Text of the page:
She loved it.
Jean-Claude was sitting on the cross planking attached to the right or starboard aka and Hugh was on the left, port aka, leading to the float. Genie was in the hatchway, working the foresail from there.
‘Now, people,' Hugh trying not to drop into his teaching manner, 'you see where we’re headed and which way the sails are facing, OK? Where do you think the wind is coming from?’
Jean-Claude pointed 45 degrees front left.
‘We’ll take that as our zero point. It’s called ‘into the wind’. Imagine we're at the centre of a large circle, 360 degrees clockwise. Emma, please push the rudder away to your right – the thing you’re steering with -’
‘You called it a tiller a few moments ago.’
‘Well spotted. The tiller’s the bit of wood in your hand. The rudder is the thing below the boat, in the water. Push it away to the right about 45 degrees.’ She did and the boat rounded up until it stopped and the sails just flapped front and back. 'Now put the tiller straight up and down the centre line of the boat and try to keep the boat there.'
He told them that the front of the boat was the ‘bow’, as in ‘cow’; the rear was the stern. They were now ‘in irons’, pointing directly into the wind and soon to start going backwards.
‘Watch your head above, people. Emma, pull the tiller 45 degrees towards you again.’ As the head fell away off the wind, the sails began to fill and the boat picked up speed. 'We've left our safety position and are now heading for our excitement position. We're not there yet. Don't go too far downwind, Emma. Keep the boat headed this way.
You'll notice, everyone, that we're leaning over and this is the point of sailing where we do - about 45 degrees off the wind. That's why Jean-Claude's ama is down and mine is up.' Emma was delighted with what her own hands had done.
‘This is the slowest point of sailing for us. On a western yacht, this is the second fastest unless you go downwind with a huge spinnaker.’
Geneviève pointed out that the others were about a kilometre away.
‘We’ll catch them soon. OK folks, Emma's about to ‘bear off’ or go away further from the eye of the wind. When she does, the boat will flatten a bit but the speed will vastly increase. Emma?'
The boat rapidly increased speed. ‘We’re now flat across the wind, which we call a ‘flat reach’, sails set at 45 degrees but we're actually 90 degrees. On a western boat, this is the fastest point but ours hasn't arrived yet. So if you're ready for the fun part, Geneviève and Jean-Claude -please let the sails even further out and Emma, pull the tiller towards you again, so that we're 135 degrees to the wind.’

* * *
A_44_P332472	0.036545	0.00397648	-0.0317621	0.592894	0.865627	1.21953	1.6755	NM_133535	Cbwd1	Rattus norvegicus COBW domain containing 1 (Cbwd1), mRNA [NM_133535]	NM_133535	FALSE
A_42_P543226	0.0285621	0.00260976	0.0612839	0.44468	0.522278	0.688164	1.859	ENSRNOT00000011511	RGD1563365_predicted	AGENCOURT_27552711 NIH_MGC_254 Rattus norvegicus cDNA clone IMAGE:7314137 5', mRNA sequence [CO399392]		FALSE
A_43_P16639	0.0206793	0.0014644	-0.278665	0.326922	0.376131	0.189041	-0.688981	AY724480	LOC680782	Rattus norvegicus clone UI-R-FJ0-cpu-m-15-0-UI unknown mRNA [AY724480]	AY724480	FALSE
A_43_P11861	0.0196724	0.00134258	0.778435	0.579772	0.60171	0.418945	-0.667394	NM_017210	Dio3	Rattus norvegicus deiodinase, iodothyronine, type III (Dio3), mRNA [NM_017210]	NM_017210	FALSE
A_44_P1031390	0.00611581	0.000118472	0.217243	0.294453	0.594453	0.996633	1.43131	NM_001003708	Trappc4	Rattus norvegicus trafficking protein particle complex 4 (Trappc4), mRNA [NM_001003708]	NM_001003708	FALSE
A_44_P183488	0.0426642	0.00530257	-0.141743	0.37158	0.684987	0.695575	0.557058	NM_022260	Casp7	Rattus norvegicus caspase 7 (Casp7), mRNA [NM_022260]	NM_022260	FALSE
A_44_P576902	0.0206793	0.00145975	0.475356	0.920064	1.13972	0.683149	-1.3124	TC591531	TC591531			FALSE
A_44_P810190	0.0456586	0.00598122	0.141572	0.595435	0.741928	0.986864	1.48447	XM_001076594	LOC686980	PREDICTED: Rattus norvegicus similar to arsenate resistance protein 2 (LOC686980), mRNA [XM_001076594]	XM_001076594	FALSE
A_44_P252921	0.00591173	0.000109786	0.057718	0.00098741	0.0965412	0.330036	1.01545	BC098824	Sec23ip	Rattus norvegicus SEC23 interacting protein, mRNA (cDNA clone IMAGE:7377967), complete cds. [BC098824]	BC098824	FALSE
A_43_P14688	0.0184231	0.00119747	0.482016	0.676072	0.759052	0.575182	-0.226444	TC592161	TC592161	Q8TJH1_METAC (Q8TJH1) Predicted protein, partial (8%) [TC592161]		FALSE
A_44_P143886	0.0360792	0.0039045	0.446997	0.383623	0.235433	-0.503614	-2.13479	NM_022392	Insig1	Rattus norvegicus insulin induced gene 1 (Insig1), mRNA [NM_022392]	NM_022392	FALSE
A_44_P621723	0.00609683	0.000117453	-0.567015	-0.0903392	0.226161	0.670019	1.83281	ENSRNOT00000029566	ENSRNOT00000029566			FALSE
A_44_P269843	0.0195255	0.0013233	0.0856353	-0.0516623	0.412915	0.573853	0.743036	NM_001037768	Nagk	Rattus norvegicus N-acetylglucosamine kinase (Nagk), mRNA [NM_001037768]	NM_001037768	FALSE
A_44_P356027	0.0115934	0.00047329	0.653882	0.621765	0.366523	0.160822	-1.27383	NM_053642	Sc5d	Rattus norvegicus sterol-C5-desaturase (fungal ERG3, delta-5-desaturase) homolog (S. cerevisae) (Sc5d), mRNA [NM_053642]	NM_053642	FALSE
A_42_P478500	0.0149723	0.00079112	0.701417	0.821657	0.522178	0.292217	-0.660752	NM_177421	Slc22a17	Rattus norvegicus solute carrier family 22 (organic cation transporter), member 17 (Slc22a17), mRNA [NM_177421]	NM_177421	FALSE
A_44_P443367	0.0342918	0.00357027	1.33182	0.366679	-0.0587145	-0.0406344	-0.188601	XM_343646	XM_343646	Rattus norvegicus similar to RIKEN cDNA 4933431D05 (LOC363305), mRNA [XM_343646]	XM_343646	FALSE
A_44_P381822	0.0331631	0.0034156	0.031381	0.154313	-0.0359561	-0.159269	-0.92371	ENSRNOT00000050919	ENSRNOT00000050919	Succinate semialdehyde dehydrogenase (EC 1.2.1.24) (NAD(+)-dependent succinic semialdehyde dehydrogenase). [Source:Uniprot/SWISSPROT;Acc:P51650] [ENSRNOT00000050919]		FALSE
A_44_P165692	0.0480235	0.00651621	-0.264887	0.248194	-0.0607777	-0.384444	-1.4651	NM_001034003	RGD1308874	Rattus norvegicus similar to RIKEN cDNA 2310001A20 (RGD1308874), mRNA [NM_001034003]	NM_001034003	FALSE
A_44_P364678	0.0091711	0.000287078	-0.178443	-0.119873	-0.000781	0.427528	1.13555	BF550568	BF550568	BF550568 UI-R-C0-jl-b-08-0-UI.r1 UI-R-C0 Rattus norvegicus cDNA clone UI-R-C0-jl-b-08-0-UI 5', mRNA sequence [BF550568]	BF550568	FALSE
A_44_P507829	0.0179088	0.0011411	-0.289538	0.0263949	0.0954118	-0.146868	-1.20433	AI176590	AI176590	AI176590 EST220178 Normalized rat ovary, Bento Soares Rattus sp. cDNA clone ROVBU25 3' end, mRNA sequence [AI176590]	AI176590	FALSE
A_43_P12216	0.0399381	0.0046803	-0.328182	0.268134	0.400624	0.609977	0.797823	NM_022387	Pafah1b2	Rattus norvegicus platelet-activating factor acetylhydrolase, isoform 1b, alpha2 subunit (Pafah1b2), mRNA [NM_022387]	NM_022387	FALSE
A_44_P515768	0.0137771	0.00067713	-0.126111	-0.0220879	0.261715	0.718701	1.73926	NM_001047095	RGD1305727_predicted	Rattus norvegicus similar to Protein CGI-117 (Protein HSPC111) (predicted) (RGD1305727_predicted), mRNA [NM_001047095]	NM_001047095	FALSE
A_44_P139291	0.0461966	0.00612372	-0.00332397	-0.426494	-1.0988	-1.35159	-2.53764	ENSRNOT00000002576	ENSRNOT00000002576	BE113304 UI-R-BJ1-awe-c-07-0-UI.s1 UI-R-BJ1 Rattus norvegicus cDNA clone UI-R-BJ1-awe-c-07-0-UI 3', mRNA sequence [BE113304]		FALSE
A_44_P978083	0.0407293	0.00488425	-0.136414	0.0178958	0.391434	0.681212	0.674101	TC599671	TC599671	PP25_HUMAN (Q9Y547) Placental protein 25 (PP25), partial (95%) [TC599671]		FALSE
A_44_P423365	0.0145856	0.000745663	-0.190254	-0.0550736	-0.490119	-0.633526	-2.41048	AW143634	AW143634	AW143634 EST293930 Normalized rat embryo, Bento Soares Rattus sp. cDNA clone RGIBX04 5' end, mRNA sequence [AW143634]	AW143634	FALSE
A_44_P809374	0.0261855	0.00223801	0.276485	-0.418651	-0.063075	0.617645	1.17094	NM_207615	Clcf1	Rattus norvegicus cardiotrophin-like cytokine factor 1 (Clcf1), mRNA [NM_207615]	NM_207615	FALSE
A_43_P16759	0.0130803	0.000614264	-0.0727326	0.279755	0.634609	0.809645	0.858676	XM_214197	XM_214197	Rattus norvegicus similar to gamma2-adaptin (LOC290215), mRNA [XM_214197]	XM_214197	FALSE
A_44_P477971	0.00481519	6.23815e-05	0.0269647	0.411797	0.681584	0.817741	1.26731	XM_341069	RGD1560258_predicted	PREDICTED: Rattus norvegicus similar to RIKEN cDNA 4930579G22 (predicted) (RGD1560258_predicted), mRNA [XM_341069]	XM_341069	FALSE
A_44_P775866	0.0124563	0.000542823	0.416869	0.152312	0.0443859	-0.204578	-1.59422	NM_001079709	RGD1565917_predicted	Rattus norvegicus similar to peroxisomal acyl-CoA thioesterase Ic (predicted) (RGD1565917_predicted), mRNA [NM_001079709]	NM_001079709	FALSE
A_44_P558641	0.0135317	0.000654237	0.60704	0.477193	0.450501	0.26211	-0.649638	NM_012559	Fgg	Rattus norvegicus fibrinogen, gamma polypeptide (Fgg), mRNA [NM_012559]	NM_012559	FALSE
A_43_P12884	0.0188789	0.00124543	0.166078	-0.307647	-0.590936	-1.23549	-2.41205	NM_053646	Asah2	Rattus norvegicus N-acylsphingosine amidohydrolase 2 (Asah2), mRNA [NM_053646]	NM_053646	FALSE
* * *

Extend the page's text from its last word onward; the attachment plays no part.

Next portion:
They did and the boat went even faster, building up to a blistering speed and surfing down the backs of waves.
‘Wee – ee- ee,’ shouted Emma. Jean-Claude hung on and he was smiling.
Hugh shouted, above the noise, ‘Do you know how fast we’re going?’
‘Tell us,’ shouted back Geneviève.
‘About 12 to 15 knots – about 25 kilometres per hour – my maths aren’t too good. Somewhere around there. This is about as fast as we get, sadly.’
‘It’s enough,’ called out Jean-Claude.
‘All right, Emma, tiller towards you again.’
She did and the boat slowed right down, everything became calmer and flatter onboard. ‘Let the sails right out now. Completely.’
They did but they were stopped by the vines holding the mast up.
‘That’s as far as we can go. Jean-Claude, see if you can pull this rear sail, the mainsail, right in ...' he did '... push it over to the other side and let it out again.' He did.
'We have a sail either side and though it seems calm, it's a bit dangerous because the boat can roll on waves - see it's doing it a bit now. Genie, when we go further, let your sail come across the boat in its own and keep your head out of the way. OK, Emma, 45 more degrees.'
They were now on starboard tack and as they came upwind, the boat tried to lie over but then steadied itself. 'Sails in about 45 degrees, people.'
They began shooting off the waves again and he nodded to Emma who brought it up another 45 degrees to flat across the wind on the reach and then up into wind again.
‘Hey, I like this,’ said Emma.
‘May I have a go?’ asked Geneviève.
Emma vacated the bench, handed over and asked, ‘Why didn’t you teach us that back on the island?’
‘Theory's boring and not that easy to grasp either. Better to see it in practice.’